Ground source heat pumps (GSHP) are one of the most efficient options for your home and the process is intriguing. Within this operation, an abundance of heat is transported from the ground, concentrated and released into your home for warmth or hot water, allowing you to take advantage of the earth’s natural heat throughout the year. But how does this really work? Let’s break it down. The ground absorbs low grade energy from rain and sunlight. A series of pipes known as the ground loops are imbedded within the soil, with an antifreeze solution circulating around them and soaking up the natural heat. The heated mixture is fed into a heat exchanger (also known as the evaporator) where the energy is absorbed and transferred to a refrigerant liquid which, when reaching a boiling point, becomes a gas. The temperature of the gas is increased in the compressor before passing through a secondary heat exchanger and finally transferred to purpose your home [10] This is a very stable and cost-effective option with 4KW of energy generated for each KW consumed, meaning the costs per KW/h is quartered!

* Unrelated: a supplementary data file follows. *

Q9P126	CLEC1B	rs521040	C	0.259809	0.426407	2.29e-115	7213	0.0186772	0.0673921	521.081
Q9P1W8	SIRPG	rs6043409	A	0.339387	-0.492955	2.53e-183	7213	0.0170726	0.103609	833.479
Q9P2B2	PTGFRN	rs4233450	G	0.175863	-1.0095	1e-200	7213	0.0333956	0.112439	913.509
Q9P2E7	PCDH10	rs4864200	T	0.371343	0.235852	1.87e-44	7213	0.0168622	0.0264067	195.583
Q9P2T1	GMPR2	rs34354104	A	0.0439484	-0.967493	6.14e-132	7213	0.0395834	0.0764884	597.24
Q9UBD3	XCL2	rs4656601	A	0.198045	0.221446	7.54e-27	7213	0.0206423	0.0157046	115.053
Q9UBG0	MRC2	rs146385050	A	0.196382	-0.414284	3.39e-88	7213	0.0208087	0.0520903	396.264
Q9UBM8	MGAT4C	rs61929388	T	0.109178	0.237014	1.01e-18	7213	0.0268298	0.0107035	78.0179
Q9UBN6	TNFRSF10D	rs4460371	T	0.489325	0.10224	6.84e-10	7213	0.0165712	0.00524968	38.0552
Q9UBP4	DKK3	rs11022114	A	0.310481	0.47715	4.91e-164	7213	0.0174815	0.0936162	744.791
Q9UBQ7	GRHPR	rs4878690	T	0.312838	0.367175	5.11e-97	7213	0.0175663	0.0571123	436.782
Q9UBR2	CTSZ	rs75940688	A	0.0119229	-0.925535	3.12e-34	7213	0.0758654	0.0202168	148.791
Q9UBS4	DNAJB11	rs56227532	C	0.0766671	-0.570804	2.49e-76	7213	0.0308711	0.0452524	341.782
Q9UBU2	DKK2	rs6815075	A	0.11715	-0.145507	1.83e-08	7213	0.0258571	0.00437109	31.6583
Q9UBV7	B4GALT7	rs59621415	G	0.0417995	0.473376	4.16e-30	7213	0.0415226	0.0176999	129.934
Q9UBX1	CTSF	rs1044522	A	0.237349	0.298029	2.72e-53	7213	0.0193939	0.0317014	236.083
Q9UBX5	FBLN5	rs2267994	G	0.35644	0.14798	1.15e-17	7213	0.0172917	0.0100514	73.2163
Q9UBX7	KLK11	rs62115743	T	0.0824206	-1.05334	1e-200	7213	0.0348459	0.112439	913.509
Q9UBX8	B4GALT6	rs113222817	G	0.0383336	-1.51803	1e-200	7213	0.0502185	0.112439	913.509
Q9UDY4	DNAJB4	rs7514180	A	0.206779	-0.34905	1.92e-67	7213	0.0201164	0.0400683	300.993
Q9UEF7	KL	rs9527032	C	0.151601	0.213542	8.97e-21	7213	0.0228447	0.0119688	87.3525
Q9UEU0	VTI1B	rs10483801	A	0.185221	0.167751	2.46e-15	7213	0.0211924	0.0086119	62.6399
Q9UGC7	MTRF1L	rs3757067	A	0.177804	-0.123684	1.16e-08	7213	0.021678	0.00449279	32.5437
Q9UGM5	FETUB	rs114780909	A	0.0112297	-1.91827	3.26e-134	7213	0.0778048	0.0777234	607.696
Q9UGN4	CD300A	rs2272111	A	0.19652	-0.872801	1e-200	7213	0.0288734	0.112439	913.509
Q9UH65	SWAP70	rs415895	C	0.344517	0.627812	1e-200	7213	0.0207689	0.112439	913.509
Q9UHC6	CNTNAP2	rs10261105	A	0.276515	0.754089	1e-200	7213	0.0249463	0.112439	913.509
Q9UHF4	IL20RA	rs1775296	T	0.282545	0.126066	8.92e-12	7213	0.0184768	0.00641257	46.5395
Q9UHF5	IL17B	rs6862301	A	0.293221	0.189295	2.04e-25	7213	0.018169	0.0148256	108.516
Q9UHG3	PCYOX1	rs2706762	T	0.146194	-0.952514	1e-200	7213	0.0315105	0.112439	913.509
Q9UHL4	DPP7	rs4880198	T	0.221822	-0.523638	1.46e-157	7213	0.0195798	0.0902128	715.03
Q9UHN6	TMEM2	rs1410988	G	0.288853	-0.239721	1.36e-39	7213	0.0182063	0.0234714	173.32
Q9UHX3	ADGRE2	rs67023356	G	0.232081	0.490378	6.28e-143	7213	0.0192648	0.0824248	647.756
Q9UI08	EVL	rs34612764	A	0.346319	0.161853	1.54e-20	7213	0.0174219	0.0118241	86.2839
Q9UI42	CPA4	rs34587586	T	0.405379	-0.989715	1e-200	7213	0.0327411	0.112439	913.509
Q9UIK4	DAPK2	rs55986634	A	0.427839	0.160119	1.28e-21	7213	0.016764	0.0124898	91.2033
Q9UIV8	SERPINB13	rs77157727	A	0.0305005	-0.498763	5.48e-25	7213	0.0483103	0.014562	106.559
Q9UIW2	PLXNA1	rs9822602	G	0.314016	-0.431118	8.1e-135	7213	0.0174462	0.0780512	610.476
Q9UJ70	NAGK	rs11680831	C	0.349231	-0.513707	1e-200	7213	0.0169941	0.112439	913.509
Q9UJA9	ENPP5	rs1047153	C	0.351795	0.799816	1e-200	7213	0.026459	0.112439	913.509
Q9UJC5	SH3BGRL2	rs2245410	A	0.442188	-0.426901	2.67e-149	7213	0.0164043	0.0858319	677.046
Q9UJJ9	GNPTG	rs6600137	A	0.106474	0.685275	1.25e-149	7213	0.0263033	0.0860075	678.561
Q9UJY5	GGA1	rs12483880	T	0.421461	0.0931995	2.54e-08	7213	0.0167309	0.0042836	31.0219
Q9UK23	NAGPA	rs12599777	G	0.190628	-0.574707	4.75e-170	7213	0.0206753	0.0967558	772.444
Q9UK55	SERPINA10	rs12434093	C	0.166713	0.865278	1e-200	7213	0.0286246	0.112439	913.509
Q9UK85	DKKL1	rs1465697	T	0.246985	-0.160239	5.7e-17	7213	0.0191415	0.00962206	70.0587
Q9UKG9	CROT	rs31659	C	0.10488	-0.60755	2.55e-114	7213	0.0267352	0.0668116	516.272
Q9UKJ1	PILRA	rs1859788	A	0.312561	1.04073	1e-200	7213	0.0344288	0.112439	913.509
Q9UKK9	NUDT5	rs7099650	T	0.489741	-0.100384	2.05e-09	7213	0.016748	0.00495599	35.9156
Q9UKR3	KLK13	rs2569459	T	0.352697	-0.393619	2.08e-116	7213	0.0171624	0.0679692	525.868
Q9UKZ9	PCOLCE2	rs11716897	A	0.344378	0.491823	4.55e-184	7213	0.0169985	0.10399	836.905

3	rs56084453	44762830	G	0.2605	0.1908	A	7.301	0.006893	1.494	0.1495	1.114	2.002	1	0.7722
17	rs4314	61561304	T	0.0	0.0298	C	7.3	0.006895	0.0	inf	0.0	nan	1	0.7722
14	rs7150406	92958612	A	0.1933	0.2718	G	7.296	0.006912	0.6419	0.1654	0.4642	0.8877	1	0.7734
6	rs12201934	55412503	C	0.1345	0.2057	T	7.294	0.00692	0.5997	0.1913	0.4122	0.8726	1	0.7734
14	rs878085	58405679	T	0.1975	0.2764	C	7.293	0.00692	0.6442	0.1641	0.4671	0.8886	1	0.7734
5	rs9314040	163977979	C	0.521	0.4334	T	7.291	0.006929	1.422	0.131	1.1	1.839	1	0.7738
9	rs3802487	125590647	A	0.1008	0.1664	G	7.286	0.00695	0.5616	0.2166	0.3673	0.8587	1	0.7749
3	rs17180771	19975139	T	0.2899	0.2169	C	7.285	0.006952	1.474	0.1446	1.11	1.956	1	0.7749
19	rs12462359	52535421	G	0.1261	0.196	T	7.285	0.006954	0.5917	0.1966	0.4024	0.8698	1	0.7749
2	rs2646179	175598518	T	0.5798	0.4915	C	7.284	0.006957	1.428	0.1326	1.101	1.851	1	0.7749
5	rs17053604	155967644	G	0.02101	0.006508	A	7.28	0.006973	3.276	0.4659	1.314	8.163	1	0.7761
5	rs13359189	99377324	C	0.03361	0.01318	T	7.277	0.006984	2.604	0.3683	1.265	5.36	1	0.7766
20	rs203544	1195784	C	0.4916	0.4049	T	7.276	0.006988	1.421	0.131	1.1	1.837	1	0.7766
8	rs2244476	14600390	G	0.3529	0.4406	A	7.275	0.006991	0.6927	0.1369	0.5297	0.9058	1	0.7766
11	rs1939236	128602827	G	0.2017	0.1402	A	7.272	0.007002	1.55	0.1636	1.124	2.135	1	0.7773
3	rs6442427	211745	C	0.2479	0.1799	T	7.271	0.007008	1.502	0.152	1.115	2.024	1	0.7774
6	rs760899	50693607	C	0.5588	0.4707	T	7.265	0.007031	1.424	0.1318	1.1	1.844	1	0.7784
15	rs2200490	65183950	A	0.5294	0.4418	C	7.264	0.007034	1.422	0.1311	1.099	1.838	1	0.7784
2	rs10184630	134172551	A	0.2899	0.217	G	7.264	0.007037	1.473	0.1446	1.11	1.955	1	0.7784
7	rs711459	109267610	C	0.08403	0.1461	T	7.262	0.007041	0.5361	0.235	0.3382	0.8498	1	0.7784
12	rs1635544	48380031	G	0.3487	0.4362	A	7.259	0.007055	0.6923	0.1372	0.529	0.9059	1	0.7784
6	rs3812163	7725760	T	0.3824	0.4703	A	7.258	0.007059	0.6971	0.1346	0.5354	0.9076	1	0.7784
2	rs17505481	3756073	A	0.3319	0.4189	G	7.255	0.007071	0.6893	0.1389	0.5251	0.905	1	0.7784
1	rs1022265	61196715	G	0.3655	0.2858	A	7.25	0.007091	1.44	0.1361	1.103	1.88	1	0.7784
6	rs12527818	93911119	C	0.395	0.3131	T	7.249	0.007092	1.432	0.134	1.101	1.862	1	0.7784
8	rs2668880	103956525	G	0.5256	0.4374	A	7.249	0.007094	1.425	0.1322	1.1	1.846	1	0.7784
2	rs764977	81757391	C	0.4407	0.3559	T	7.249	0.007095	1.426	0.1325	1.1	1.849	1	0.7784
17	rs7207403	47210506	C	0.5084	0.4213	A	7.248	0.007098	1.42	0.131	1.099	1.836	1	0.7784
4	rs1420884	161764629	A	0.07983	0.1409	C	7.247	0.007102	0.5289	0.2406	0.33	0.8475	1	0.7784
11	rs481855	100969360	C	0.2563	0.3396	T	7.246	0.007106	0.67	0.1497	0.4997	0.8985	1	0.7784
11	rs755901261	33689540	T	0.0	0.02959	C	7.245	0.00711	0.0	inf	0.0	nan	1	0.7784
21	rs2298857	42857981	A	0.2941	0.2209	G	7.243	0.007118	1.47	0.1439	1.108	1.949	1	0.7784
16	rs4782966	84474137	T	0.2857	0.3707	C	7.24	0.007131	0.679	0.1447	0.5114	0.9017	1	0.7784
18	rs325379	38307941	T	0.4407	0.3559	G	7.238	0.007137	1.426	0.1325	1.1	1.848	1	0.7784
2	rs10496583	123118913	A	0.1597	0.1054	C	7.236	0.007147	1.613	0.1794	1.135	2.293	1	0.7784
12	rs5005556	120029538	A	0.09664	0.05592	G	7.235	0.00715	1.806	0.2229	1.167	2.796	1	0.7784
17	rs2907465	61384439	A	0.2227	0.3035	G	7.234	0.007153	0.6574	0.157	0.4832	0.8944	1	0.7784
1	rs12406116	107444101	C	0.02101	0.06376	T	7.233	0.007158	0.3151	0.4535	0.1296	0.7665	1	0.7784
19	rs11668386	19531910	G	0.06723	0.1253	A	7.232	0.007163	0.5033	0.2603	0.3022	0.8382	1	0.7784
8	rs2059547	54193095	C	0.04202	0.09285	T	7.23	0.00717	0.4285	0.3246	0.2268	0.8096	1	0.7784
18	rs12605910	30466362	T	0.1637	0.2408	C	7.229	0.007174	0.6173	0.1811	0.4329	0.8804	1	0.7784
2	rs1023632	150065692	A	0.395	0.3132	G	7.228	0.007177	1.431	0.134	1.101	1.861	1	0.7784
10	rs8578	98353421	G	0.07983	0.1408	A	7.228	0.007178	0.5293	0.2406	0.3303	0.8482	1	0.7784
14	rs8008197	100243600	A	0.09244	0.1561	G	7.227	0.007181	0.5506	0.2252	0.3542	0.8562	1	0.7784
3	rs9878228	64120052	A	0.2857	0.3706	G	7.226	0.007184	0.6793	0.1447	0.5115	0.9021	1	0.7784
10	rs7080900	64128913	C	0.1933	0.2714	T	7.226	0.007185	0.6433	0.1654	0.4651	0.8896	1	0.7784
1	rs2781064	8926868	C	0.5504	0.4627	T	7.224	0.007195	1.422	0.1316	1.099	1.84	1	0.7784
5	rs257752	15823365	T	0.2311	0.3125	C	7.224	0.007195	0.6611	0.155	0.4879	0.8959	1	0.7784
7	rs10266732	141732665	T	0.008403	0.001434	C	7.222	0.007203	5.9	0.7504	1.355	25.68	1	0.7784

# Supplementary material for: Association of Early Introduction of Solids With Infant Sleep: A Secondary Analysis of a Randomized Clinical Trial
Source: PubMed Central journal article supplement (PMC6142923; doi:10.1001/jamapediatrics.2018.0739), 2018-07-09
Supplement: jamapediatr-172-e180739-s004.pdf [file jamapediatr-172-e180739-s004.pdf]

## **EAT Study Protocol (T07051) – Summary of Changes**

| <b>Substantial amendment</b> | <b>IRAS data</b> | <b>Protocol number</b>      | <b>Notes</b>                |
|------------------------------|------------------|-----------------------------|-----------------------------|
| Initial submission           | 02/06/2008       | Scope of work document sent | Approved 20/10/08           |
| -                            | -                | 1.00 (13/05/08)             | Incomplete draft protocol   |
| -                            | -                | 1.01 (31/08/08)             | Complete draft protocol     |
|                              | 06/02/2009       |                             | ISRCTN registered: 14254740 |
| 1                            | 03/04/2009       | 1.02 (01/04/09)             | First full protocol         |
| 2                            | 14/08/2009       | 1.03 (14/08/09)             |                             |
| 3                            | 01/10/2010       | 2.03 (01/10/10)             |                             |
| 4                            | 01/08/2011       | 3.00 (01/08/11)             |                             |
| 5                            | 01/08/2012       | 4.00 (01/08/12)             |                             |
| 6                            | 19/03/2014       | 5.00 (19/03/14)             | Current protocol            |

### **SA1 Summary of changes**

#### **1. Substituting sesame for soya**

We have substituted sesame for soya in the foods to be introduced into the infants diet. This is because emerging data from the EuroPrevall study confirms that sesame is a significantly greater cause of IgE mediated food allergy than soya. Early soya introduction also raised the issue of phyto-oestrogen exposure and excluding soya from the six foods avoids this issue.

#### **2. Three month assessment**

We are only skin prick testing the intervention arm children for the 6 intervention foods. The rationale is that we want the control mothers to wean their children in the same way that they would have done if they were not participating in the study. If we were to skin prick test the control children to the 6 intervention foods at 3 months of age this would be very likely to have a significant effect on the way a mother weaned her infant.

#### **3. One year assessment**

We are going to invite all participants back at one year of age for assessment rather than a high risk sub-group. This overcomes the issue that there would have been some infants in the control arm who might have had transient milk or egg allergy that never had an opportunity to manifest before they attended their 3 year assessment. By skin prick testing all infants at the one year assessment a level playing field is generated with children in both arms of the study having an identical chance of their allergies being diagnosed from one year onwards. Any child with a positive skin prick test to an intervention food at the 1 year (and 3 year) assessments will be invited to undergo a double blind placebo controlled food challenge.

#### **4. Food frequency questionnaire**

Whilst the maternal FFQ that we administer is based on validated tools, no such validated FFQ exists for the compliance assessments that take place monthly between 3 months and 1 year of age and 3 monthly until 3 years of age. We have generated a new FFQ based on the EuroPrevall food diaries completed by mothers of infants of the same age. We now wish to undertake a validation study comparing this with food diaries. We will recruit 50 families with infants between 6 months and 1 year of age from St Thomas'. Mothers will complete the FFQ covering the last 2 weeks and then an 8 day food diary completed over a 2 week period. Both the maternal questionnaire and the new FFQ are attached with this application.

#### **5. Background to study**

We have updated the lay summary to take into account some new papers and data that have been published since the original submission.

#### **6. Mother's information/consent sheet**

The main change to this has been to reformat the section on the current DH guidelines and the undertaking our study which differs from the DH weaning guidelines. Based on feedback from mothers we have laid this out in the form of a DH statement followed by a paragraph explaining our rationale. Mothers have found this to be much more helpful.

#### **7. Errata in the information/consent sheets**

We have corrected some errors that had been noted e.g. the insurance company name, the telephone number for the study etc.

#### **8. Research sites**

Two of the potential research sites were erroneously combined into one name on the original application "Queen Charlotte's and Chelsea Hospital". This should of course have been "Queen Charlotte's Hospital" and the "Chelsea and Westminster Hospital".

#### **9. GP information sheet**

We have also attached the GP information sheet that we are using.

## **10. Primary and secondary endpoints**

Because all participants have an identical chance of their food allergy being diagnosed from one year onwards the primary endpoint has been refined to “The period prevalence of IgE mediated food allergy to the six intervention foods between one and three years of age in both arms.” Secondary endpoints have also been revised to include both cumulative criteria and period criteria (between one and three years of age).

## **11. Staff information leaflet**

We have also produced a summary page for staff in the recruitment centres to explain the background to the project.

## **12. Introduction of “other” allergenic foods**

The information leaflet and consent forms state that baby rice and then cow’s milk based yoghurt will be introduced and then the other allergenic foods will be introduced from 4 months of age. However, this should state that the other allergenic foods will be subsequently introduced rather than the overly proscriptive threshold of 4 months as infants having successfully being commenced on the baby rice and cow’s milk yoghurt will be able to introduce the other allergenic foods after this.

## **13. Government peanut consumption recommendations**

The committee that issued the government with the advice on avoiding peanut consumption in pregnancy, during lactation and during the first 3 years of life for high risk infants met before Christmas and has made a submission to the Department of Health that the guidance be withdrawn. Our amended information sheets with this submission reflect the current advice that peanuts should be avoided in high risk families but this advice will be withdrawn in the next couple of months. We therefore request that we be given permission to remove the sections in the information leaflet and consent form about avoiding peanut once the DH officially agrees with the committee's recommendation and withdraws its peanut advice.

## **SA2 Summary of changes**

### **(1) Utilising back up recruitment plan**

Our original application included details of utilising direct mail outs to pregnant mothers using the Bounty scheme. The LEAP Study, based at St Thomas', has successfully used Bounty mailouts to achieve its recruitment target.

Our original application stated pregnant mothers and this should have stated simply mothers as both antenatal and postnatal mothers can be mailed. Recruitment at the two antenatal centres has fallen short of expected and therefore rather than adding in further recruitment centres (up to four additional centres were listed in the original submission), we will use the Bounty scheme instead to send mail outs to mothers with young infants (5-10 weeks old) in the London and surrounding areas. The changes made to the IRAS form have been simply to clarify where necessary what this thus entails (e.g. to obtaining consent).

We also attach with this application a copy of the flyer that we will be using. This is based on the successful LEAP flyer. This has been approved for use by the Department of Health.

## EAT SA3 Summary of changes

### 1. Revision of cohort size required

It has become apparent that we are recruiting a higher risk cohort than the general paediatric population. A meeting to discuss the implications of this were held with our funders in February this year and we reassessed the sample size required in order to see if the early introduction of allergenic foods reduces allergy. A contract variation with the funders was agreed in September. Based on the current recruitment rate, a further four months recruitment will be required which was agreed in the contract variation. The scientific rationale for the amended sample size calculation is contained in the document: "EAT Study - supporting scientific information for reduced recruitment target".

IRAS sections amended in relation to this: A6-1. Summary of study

Air Source Heat Pumps

Air source heat pumps (ASHP) may be a better option if you want less disruption to your garden. This pump uses an ultra-quiet fan to draw in the outside air. Similarly to GSHP, this system uses a liquid refrigerant and a heat exchanger to absorb heat from the air. The heat can then be used in the home’s radiator system or stored in a water cylinder to be utilised for hot water [11]. This is a brilliant environmentally structured machine, and if not for the electricity used to power this, it would be perfection. But don’t let that deter you, the energy output generated is far greater than the electrical input. Additionally, costs for pumps vary but are however eligible for government grants. Fortunately, any homeowner with a garden space can benefit from both ASHP and GSHP.

Solar Thermal Panels

Solar thermal panels obtain heat from the sun to warm fluid for hot water and heating (Figure 2) There are two main types of solar heating panels, flat plate or evacuated tubes. The latter being more resourceful and smaller in size. The initial cost is lower than that of pumps with minimal additional costs. The cost of maintenance may be a little pricey, but it is a very low maintenance system with a life span of 20 years or 30 in some cases. On a sour note, you will still need a boiler or immersion heater to make the water hotter or to provide hot water when solar energy isn’t available. [12] These panels work best on a south facing roof at a 30° angle that is not obstructed by shade. Furthermore, your roof will need to withstand the heavy weighted panels which your installer can advise you on.